George, Geoffrey, German, giraffe, ginger, gentle, genius – need I go on? The English language is full of words that begin with a so-called “soft G.” That being so, why do we need J at all?
Unless your name is Jack, Jim, Jennifer, or Jill, you probably could care less whether I am successful in consigning the letter J to the junkyard of history, but Gennifer and Gillian would likely appreciate streamlining the alphabet a bit.
My J animus began with Maine State Lottery crossword scratch cards. It has been my experience that you cannot win with a card that has a J on it. Every time I scratch off a letter to reveal a jerkwater J, I complain to my lovely wife Carolyn that we would all be better off without the J.
Why in the world do we need 26 letters if several (like J and X) can easily be replaced with existing letters?
Of course, we could also easily replace most C words with a K or an S. But then what to do about CH words like champ, chump, or chicken? That’s why I’d begin my alphabetical housecleaning by jettisoning the J.
There is, after all, nothing sacred about 26 letters. The Rokotan language of Papua New Guinea, from what I read on the internet, has but 12 letters, and the 4,000 residents of the island of Bougainville who speak Rokotan jabber along quite nicely.
Alphabets are all over the board when it comes to variety. The Russian Cyrillic alphabet has 33 letters, while the Khmer alphabet of Cambodia has 74. Chinese boasts more than 50,000 pictograms, but they are closer to words than letters and, anyway, most Chinese people only use about 8,000 of them. The average English speaker, by way of comparison, knows between 20,000 and 40,000 words.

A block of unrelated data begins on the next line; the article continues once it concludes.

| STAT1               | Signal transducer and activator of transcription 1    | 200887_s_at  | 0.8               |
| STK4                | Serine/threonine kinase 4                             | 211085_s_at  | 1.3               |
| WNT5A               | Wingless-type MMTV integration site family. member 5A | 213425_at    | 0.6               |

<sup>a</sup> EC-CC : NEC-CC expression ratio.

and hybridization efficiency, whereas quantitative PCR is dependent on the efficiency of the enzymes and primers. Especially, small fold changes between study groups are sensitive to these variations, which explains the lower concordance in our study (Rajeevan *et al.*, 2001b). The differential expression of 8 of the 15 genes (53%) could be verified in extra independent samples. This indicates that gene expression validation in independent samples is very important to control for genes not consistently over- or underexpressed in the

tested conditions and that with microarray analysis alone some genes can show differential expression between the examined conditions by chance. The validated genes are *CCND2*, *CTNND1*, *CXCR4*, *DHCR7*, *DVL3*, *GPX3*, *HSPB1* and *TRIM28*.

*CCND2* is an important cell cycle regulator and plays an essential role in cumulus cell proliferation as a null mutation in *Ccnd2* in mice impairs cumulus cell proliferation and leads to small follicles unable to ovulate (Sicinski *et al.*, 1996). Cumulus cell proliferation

The Random House Dictionary of the English Language that stands beside my desk is 50 years old and says it contains 260,000 words. Approximately 1,400 of those words begin with the letter J. That’s far more than X (400), Y (985), or Z (nearly 700), but far fewer than the popular letters like M (more than 6,100) or R (about 14,500).
In my jaundiced view, the vast majority of the J words are expendable. I mean who needs “jequirity,” a kind of Indian licorice? And how often do you have to conjure up “jinn,” a spirit that influences humans for good and evil? Use it in a sentence? Putin seems to have gotten into the jinn, or rather the jinn seems to have gotten into him.
I’m as big a fan of bodkins, codpieces, and jerkins as the next man, but in this day and age of puffers and jeggings, who really needs “justaucorps,” a close-fitting, knee-length jacket that replaced the doublet in the 17th century?
While other more worldly languages sport judicious umlauts and jocular accents, cedillas, and tildes, the only diacritical marks in English are the jaded dots above the lower case i and j. Called a tittle, the j dot is a jaunty jot for an extraneous letter.
The Latin root of the English language had but 23 letters, 21 of them borrowed from the Etruscan alphabet. I, J, V, U, and W were all added during medieval times. In fact, the birth of the letter J has been pinpointed as 1524, the year Italian Renaissance soft G grammarian Gian Giorgio Trissino, the Father of the Letter J, established the soft J sound.
Up until 1524, Jesus Christ was known by the Hebrew Yeshua or Greek Iesus. Trissino’s soft J phoneme christened the savior of the modern world.
Oh, joy and jubilation! Jeepers creepers! Jiminy crow!
Edgar Allen Beem has been writing The Universal Notebook weekly since 2003, first for The Forecaster and now for the Phoenix. He also writes the Art Seen feature.